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Count Basie


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William “Count” Basie (August 21, 1904– April 26, 1984) was a pianist, organist, composer, and bandleader.

As a pianist, he had a distinctive and influential style (the song title “Splanky” is an onomatopoetic reference to the sound of his playing), equally at home in the barrelhouse and the concert hall. Willie “The Lion” Smith, James P. Johnson, and Fats Waller were among his influences.

As a bandleader, he created an organization (built upon the remains of Bennie Moten’s Kansas City Orchestra) that was a favorite both of dancers and of vocalists such as Frank Sinatra, Ella Fitzgerald, Sarah Vaughan, and, of course, Billie Holiday. Equally important, it kept many musicians employed through lean years. Many jazz musicians of note built their chops and earned their bread and butter in Basie’s organization.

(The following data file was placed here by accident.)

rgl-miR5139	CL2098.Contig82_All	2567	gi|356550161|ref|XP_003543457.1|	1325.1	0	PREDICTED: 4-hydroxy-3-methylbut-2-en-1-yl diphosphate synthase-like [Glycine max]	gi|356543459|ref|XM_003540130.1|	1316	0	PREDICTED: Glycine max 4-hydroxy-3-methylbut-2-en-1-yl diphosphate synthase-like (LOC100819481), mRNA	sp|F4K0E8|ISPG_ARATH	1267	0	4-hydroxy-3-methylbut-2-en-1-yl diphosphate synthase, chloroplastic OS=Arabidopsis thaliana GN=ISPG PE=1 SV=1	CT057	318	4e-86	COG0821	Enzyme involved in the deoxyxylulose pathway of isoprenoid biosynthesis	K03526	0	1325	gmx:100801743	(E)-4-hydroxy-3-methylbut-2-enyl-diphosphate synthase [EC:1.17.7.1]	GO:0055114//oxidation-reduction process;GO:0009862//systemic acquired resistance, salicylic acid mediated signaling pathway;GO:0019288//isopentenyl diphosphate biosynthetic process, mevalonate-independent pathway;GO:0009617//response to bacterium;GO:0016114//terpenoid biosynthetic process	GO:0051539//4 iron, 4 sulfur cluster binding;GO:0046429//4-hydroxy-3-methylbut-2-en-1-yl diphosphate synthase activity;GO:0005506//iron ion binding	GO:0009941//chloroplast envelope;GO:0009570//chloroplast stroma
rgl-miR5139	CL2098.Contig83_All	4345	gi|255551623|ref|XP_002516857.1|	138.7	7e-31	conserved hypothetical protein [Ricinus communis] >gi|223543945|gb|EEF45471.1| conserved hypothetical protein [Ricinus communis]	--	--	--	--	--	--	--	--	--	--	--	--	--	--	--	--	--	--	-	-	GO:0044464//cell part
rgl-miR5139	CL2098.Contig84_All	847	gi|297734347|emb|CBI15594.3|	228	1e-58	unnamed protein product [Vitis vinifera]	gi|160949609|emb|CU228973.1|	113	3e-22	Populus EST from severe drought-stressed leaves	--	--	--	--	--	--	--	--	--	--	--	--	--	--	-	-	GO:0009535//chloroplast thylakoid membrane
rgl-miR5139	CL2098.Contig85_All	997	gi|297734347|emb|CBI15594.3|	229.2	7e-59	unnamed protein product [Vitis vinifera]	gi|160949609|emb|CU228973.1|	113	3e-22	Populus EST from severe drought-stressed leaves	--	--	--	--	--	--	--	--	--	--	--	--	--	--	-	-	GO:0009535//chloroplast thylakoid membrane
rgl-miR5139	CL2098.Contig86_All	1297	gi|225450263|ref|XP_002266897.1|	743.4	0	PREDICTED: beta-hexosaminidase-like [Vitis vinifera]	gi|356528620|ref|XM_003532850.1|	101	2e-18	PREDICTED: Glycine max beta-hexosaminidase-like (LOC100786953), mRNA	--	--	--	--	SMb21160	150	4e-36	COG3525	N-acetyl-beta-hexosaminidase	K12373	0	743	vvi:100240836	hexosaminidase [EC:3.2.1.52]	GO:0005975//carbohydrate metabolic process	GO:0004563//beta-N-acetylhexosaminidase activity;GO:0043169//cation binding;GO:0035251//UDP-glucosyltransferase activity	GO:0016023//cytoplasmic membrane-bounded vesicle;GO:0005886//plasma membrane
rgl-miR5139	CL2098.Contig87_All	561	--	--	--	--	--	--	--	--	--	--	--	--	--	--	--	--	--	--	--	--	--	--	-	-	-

In addition to Basie, the swinging “All American Rhythm Section” of his orchestra included greats such as Walter Page (bass), Jo Jones (drums), and Freddie Green (guitar). It was the greatest, most swinging rhythm sections in the history of jazz. Chief among its vocalists were, first, Jimmy Rushing and, later, Joe Williams. Over the years it boasted sidemen and soloists like Herschel Evans (tenor sax), Lester Young (tenor sax), Eddie “Lockjaw” Davis (tenor sax), Buddy Tate (tenor sax), Illinois Jacquet (tenor sax), Earle Warren (alto sax)


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